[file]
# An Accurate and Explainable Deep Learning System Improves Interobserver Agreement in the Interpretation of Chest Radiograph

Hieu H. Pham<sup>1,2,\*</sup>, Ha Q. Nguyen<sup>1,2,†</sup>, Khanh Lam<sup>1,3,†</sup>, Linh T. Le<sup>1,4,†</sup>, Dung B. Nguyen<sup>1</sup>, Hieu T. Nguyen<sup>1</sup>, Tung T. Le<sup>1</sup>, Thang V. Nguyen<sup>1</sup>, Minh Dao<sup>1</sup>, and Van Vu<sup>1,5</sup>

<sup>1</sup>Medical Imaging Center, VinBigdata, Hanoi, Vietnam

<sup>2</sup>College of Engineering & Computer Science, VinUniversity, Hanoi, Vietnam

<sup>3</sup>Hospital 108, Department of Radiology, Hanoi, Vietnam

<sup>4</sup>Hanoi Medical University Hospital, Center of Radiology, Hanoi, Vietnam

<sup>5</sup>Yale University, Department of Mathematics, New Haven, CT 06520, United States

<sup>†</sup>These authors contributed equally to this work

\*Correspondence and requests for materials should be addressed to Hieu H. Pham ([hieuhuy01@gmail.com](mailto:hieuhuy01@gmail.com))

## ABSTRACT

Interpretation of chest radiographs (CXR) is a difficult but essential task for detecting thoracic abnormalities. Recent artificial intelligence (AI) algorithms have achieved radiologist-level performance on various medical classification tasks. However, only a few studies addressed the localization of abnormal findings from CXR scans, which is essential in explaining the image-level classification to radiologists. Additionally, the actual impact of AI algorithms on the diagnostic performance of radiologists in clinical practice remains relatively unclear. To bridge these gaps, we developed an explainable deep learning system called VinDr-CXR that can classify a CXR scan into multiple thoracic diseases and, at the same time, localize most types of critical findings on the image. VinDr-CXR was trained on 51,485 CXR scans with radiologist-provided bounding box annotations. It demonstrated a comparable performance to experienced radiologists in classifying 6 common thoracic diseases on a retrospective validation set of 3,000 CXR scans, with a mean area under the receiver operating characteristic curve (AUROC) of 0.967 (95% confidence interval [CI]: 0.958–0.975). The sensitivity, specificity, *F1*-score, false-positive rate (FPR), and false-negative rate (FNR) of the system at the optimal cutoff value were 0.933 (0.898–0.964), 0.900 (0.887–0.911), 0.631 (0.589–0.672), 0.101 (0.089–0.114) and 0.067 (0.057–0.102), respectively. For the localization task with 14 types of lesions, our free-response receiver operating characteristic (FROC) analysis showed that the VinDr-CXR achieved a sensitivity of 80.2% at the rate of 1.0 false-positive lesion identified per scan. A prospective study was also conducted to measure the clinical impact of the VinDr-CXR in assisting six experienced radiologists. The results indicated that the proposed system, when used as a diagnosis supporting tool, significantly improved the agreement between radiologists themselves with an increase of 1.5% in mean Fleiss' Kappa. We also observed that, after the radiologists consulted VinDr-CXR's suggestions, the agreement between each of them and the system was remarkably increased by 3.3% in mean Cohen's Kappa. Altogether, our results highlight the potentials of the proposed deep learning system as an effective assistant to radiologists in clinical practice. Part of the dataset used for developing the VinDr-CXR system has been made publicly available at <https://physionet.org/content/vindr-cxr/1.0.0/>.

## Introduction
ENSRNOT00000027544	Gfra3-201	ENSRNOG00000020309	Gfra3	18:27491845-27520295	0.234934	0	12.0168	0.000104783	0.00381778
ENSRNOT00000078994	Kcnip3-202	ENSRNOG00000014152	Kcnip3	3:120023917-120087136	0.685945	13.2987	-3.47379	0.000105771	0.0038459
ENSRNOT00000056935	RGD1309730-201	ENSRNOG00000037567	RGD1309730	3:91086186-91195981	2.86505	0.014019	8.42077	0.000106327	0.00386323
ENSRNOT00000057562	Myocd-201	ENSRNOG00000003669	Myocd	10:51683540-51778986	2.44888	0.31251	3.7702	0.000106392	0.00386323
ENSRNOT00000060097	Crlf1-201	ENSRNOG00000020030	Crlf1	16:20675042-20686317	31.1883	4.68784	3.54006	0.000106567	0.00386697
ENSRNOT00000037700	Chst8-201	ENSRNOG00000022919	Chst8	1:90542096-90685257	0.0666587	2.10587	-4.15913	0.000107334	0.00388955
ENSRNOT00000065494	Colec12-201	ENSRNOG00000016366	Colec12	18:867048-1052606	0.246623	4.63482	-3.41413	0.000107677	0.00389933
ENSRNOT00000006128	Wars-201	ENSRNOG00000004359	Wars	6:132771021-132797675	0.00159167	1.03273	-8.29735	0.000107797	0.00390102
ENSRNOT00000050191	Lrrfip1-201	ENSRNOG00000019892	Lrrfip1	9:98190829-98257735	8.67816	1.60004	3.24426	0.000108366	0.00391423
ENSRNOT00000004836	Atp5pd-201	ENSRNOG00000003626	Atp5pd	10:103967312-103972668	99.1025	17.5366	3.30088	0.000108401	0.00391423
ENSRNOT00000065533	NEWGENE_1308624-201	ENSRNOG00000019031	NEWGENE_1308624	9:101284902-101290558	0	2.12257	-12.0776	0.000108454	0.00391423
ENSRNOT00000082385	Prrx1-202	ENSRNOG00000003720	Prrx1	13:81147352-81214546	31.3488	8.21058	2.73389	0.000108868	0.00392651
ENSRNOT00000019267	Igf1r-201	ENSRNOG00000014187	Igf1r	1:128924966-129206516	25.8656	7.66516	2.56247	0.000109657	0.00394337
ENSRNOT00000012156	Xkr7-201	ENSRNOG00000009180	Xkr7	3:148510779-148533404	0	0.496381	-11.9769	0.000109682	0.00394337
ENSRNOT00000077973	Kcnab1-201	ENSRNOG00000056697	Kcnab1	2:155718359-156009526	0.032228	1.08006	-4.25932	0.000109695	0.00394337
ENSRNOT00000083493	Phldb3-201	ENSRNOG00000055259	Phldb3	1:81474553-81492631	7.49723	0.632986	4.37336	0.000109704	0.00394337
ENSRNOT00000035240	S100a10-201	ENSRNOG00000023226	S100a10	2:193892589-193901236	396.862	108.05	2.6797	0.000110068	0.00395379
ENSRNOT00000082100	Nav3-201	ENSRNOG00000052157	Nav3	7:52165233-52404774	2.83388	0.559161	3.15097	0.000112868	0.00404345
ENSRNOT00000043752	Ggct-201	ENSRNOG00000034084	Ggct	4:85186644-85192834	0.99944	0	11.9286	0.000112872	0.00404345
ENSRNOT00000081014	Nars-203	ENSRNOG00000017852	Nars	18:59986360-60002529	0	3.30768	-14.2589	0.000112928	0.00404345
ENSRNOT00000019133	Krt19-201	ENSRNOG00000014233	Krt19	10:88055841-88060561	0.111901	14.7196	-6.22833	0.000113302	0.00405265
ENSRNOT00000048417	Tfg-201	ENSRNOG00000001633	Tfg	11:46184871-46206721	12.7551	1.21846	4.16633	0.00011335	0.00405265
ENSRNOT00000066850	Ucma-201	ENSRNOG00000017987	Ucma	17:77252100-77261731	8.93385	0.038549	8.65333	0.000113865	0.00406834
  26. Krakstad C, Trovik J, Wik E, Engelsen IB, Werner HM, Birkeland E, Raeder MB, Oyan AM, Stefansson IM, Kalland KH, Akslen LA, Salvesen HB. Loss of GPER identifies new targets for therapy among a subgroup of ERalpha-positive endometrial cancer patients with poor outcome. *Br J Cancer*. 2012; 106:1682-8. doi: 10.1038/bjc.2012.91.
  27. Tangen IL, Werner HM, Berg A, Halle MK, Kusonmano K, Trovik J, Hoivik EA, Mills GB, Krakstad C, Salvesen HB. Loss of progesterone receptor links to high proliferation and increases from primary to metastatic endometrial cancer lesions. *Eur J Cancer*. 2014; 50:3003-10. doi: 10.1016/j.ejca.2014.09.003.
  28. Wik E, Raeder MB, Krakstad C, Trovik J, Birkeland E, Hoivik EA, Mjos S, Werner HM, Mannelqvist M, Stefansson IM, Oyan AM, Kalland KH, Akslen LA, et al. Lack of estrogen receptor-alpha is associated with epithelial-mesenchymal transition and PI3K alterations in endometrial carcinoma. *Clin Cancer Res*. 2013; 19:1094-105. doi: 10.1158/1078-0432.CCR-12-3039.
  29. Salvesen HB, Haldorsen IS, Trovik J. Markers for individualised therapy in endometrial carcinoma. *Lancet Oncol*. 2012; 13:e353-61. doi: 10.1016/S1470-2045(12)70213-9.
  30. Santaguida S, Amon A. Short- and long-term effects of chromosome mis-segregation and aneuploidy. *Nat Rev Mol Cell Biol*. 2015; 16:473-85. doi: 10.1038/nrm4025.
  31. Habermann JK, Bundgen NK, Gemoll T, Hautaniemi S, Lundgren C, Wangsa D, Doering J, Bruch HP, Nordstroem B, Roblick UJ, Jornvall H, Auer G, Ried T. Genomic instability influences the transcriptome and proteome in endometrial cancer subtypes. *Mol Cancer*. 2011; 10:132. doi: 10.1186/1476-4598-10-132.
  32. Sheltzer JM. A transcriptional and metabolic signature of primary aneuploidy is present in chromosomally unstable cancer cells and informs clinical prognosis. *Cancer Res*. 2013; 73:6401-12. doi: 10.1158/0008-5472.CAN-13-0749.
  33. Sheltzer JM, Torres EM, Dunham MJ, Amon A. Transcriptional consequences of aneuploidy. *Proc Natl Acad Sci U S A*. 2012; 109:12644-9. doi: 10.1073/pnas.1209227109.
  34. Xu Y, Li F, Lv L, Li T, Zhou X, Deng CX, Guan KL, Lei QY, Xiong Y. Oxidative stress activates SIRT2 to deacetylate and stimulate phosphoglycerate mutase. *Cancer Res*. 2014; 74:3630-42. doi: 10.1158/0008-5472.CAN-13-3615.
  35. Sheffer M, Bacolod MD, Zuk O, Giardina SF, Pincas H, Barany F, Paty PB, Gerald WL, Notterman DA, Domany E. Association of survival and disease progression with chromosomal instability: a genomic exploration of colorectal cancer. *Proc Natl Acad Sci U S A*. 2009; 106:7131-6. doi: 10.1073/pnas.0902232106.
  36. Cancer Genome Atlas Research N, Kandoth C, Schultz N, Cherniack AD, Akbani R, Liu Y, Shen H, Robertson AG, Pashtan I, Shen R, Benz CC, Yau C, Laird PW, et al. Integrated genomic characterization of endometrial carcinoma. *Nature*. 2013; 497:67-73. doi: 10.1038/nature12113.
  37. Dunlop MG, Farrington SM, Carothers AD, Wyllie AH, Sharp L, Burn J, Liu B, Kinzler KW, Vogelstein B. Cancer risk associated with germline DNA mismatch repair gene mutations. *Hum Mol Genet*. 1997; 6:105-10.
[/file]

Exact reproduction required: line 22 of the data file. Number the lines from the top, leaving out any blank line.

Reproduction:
ENSRNOT00000004836	Atp5pd-201	ENSRNOG00000003626	Atp5pd	10:103967312-103972668	99.1025	17.5366	3.30088	0.000108401	0.00391423